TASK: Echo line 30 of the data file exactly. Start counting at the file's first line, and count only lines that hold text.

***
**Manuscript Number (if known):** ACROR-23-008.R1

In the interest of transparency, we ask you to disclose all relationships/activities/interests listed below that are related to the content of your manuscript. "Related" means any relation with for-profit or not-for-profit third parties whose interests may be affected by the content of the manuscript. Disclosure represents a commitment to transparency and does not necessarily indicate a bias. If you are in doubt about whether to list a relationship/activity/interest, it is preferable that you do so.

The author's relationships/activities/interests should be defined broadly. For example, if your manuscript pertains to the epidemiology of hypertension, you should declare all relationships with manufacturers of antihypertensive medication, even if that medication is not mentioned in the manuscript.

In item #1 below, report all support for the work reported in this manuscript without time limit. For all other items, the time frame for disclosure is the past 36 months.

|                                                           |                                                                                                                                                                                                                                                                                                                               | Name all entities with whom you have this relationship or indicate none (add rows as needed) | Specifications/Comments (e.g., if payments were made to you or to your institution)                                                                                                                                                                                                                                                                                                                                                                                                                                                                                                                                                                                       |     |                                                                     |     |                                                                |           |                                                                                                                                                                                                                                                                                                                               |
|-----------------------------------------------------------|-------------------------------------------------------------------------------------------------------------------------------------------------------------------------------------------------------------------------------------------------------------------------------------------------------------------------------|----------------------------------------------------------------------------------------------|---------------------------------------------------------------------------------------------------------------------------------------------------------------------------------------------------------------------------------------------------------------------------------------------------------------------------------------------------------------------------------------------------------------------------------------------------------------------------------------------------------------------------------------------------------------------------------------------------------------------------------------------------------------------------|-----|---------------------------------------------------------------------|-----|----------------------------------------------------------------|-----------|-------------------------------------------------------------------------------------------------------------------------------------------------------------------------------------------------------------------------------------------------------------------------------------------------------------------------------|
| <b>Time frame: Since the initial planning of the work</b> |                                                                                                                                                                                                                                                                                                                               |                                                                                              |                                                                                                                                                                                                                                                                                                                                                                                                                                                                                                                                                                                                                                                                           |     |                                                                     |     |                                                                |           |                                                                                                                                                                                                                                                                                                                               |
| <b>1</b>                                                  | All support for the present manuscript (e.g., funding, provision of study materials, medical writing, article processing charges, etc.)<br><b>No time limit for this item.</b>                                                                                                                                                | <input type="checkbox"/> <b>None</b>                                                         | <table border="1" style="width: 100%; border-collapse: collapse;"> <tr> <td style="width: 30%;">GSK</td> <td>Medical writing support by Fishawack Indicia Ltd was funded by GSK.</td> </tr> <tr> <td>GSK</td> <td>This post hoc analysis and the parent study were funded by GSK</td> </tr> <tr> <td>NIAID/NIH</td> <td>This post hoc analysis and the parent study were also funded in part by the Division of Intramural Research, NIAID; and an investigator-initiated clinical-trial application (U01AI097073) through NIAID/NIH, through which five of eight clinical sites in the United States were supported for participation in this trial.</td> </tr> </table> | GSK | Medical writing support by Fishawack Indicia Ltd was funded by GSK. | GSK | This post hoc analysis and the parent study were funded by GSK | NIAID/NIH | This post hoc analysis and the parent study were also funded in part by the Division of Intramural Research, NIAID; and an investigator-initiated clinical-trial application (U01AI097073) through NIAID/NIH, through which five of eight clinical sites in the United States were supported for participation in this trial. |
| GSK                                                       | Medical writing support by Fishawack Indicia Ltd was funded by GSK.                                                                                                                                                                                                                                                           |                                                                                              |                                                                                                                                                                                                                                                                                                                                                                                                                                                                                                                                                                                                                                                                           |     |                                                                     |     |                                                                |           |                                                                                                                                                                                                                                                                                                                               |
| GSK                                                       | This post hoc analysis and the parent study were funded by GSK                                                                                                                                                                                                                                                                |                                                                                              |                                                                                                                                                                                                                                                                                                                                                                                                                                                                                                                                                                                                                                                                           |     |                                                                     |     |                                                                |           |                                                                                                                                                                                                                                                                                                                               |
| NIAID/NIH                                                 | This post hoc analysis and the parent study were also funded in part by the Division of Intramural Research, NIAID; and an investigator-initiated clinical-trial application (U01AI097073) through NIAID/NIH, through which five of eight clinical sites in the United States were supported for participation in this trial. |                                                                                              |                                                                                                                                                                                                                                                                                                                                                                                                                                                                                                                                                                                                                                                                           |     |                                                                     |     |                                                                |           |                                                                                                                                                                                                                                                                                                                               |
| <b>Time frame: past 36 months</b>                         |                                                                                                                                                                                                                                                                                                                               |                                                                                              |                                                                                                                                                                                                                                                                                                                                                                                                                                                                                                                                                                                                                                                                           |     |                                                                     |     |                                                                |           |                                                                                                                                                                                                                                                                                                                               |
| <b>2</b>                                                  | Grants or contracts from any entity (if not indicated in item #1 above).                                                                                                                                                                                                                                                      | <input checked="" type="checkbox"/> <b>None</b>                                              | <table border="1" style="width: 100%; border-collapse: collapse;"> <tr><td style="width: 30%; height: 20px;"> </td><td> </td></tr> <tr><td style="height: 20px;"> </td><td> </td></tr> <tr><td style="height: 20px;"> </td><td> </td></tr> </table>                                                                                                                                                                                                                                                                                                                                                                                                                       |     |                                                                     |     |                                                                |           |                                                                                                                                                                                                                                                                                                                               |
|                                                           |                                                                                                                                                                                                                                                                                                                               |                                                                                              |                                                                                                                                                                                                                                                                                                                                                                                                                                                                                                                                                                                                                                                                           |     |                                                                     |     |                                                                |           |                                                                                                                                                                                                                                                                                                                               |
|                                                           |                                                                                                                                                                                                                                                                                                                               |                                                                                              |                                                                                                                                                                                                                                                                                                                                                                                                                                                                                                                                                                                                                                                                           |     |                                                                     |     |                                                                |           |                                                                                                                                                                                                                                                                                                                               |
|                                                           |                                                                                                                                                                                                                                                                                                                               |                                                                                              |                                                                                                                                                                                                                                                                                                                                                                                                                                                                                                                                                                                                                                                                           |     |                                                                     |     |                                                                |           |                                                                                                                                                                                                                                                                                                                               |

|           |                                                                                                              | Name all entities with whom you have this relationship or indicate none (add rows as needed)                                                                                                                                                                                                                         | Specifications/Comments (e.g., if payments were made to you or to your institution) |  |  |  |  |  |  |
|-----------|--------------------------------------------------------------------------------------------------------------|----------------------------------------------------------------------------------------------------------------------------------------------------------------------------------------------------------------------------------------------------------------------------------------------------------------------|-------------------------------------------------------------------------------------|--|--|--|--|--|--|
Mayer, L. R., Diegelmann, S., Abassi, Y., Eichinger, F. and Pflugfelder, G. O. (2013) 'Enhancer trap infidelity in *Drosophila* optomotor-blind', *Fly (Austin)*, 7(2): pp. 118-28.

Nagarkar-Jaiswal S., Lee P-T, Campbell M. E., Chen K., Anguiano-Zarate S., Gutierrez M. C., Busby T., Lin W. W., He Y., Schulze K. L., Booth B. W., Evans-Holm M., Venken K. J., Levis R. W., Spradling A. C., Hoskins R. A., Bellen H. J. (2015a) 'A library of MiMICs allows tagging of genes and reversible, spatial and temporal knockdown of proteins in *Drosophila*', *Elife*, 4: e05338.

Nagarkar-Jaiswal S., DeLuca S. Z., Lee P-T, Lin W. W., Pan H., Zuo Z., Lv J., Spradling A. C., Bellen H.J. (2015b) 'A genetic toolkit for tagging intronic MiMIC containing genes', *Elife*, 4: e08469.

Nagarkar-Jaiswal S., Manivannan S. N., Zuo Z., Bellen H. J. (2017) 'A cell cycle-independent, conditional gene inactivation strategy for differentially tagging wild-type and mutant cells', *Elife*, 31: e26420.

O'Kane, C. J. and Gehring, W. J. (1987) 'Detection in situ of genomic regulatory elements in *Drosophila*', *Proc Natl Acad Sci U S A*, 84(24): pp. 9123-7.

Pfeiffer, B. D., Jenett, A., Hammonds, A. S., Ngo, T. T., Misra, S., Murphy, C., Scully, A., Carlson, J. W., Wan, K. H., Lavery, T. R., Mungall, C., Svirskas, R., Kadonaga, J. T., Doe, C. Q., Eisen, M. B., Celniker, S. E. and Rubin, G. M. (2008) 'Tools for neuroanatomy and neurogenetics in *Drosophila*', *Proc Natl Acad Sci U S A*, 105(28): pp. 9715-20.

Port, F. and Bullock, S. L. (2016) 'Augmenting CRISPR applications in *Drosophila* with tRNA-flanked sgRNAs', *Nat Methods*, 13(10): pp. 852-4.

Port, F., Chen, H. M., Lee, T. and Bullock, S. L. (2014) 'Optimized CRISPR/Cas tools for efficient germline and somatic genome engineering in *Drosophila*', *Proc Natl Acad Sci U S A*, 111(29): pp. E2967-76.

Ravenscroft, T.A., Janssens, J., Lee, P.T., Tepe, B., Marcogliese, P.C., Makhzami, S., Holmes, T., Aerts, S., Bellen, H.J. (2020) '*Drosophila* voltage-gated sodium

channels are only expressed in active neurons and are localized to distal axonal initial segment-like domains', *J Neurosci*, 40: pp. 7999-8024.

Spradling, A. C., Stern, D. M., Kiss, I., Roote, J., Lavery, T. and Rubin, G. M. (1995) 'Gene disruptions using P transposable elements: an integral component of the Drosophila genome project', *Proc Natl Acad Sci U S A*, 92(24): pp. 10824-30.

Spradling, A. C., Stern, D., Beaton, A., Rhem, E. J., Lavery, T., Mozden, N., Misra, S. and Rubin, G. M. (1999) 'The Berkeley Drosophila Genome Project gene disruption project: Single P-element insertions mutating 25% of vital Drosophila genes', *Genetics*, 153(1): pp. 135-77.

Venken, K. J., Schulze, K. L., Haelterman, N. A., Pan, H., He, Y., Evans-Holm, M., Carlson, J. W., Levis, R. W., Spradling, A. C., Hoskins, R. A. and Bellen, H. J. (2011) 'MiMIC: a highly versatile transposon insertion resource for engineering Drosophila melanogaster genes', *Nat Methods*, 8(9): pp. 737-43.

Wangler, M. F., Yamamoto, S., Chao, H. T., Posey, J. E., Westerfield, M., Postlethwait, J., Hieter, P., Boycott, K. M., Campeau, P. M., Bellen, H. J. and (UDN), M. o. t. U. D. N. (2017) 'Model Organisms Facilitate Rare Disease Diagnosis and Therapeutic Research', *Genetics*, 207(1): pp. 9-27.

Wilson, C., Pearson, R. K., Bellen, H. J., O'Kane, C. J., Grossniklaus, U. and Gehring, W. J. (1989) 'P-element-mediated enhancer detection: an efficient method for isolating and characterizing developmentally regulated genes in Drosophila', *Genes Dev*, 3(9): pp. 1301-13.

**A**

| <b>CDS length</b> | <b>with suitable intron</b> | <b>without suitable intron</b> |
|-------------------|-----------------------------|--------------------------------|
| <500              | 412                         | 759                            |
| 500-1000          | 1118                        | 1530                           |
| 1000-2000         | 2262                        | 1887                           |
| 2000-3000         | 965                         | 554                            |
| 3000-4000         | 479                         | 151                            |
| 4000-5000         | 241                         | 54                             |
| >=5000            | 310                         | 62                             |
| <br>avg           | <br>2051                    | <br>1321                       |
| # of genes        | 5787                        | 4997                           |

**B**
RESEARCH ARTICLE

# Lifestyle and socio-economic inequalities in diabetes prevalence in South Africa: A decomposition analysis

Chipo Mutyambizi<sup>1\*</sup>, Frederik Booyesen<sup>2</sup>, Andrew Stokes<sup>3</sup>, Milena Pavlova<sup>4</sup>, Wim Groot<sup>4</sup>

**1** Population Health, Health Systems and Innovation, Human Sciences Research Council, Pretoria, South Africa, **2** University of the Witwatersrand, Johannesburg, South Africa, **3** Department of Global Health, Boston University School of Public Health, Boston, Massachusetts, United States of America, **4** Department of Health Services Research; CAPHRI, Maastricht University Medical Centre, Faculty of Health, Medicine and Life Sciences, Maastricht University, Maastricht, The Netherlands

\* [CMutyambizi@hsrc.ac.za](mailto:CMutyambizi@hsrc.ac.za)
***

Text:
Spradling, A. C., Stern, D., Beaton, A., Rhem, E. J., Lavery, T., Mozden, N., Misra, S. and Rubin, G. M. (1999) 'The Berkeley Drosophila Genome Project gene disruption project: Single P-element insertions mutating 25% of vital Drosophila genes', *Genetics*, 153(1): pp. 135-77.